For instance, the report advises that it is safe for some women to taper off medication before or during pregnancy if their symptoms are mild and they respond well to psychotherapy. In women with a history of severe, recurrent depression, however, or those with suicidal symptoms, refraining from medication is not advised as they may become a danger to themselves and their baby.
"There are a lot of people who don't know this information," said Dr. Sudeepta Varma, a psychiatrist at the New York University Medical Center. "It might come as a surprise to some that it's necessary to treat patients [with drugs] when they're pregnant. I think there are clinicians that shy away from it."
Though the prenatal risks of taking antidepressants are not fully known, the report stresses the potential negative impact of allowing depression to go untreated as a mitigating factor in the decision to medicate.
Depressed mothers are at increased risk of substance abuse, of poor compliance with prenatal care, and have poorer nutritional habits than mothers who are not depressed.
"You cannot separate the needs of the mother from the needs of her fetus," said Dr. Lucy Puryear, a reproductive psychiatrist and author of the book Understanding Your Moods When Your Expecting: Emotions, Mental Health, and Happiness—Before, During, and After Pregnancy. "To ignore the pregnant woman's mental health in order to 'protect' her baby causes distress to the pregnant mother and her family."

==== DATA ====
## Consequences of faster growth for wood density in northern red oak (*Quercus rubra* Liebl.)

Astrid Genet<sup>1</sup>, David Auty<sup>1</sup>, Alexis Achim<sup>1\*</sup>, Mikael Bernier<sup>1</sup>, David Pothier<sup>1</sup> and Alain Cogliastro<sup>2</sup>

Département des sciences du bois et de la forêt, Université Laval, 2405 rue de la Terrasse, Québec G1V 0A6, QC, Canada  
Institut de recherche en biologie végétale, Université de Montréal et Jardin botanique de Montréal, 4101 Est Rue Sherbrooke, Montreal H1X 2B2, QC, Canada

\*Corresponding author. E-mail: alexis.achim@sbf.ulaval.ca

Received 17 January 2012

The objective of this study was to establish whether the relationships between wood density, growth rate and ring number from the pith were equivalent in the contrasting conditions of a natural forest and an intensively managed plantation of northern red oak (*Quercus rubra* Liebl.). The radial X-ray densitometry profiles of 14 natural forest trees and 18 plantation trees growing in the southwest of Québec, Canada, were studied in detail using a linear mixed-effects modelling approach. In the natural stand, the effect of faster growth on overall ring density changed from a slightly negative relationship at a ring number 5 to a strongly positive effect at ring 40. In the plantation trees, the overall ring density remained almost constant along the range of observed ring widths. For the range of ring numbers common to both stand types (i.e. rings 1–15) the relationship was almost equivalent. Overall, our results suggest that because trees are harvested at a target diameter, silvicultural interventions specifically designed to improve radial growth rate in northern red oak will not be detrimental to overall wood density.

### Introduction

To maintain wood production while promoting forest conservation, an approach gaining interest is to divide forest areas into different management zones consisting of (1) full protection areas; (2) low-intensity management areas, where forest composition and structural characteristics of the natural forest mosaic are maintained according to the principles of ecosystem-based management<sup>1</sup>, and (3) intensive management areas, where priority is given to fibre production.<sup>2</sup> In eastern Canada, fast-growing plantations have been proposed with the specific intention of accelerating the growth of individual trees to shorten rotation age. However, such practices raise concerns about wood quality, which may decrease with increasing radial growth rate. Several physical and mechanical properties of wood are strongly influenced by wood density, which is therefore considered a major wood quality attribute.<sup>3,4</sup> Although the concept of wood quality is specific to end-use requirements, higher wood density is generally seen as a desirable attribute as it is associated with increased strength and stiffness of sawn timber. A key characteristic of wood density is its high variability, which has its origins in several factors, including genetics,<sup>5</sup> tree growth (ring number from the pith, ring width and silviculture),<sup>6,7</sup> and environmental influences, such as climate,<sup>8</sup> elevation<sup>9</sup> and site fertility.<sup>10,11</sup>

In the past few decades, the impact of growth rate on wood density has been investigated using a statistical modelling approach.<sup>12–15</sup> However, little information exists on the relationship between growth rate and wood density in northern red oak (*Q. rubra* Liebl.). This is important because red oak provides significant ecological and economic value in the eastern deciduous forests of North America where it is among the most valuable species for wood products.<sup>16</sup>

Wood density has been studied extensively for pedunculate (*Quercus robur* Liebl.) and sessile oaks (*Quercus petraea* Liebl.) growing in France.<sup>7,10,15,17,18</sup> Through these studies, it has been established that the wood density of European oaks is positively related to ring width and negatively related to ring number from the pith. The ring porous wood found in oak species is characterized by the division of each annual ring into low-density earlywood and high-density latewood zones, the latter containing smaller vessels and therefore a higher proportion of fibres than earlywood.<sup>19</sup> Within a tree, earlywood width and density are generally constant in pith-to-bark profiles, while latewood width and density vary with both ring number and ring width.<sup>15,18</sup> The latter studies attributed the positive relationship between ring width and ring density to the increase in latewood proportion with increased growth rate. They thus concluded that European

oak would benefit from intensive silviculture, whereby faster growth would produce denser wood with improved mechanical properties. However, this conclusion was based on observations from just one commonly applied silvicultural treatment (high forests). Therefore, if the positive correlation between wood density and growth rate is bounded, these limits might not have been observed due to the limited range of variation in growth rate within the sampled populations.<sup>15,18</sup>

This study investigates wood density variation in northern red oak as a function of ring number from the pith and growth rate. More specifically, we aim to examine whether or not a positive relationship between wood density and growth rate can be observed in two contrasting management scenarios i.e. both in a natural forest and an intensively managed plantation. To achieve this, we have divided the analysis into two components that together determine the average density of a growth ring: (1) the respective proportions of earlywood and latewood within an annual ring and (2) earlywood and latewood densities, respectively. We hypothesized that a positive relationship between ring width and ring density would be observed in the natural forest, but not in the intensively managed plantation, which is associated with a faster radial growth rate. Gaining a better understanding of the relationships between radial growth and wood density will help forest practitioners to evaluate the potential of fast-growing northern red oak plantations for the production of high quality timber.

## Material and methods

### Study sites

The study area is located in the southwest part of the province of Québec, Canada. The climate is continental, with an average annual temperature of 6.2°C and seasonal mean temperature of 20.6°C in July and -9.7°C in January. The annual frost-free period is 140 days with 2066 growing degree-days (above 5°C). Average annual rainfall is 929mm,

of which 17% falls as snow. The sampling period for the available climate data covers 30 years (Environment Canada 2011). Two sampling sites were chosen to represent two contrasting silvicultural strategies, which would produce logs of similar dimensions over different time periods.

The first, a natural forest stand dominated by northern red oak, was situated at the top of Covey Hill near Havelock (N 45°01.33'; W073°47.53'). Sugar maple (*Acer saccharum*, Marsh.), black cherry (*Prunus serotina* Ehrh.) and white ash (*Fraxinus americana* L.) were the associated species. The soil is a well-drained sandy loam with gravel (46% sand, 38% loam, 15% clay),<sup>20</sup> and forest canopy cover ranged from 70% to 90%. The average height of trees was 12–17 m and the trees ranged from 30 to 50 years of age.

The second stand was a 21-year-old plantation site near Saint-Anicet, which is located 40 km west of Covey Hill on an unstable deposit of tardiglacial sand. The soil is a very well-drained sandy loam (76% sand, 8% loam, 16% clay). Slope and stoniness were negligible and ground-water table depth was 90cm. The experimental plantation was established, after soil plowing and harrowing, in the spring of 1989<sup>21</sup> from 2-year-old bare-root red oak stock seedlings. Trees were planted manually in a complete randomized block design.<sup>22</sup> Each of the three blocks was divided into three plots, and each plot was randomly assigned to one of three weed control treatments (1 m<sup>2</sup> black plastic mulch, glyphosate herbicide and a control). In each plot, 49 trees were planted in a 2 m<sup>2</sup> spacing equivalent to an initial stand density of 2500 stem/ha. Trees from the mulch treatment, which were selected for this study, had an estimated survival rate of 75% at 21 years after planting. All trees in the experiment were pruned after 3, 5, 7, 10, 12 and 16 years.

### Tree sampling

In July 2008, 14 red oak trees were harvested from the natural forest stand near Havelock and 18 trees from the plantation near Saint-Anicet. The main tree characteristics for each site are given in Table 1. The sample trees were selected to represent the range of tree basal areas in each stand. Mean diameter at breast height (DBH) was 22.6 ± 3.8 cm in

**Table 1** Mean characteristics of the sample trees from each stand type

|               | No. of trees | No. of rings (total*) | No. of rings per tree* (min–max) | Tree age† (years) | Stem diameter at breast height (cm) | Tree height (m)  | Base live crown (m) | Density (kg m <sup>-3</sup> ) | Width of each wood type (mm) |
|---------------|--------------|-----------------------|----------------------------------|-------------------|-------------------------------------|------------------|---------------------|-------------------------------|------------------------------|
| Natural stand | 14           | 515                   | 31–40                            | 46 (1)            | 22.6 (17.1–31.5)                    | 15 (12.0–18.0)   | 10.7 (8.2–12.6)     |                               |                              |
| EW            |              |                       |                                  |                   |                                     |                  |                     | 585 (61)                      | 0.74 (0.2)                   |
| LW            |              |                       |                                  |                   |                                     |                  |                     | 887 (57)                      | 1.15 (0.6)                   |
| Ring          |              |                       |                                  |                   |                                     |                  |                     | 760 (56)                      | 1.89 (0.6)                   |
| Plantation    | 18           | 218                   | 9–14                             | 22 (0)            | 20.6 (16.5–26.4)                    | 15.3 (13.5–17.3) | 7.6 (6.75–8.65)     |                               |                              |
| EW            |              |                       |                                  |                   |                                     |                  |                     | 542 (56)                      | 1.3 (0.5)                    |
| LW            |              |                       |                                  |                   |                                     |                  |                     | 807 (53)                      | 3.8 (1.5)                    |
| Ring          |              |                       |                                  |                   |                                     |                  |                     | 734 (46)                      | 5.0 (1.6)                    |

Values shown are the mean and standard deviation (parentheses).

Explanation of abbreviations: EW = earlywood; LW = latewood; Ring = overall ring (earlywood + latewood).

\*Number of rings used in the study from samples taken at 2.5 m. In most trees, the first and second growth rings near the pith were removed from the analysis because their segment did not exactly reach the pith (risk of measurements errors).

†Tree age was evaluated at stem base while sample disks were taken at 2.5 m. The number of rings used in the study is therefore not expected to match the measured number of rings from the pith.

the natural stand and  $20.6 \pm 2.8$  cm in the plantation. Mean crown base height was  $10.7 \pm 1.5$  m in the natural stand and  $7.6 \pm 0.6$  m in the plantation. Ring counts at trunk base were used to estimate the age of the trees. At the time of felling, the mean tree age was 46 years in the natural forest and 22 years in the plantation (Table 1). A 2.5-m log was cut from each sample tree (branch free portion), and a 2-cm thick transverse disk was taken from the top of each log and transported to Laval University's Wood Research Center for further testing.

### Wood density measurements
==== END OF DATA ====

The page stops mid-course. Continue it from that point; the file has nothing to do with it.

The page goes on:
Dr. Kimberly Yonkers, a psychiatrist at the Yale School of Medicine and lead author of the report, said there have been "a number of scares" regarding taking antidepressants during pregnancy.
"The majority of the literature has looked at the effects of depression on pregnancy... or looked at the effect of medication on pregnancy without considering the effect of the depressive symptoms themselves," she added.
But while some clinicians may sidestep the issue, certain groups strongly oppose using antidepressant medications during pregnancy.
"We're not in favor of women taking [antidepressants] when they're pregnant," said Amy Philo, co-founder of Children and Adults Against Drugging America (CHAADA) and momsandmeds.com. "I don't know how people can logically believe that feeling sad when you're pregnant is going to cause [complications]."
Philo, who said she experienced suicidal and homicidal thoughts after being preemptively prescribed an antidepressant for post-partum depression, cited cardiac problems, fetal abnormalities, Sudden Infant Death Syndrome, and intra-uterine or neonatal death as potential risk factors of drug therapy.
"Definitely [antidepressants] can hurt the baby," Philo said. "We encourage people to get all the information that's out there and find support that is not drug oriented."
But Dr. Ruta Nonacs, a psychiatrist with the Perinatal and Reproductive Psychiatry Clinical Research Program at Massachusetts General Hospital, said there is no scientific data to support that treating mothers with antidepressants leads to an increased risk of fetal abnormalities or death.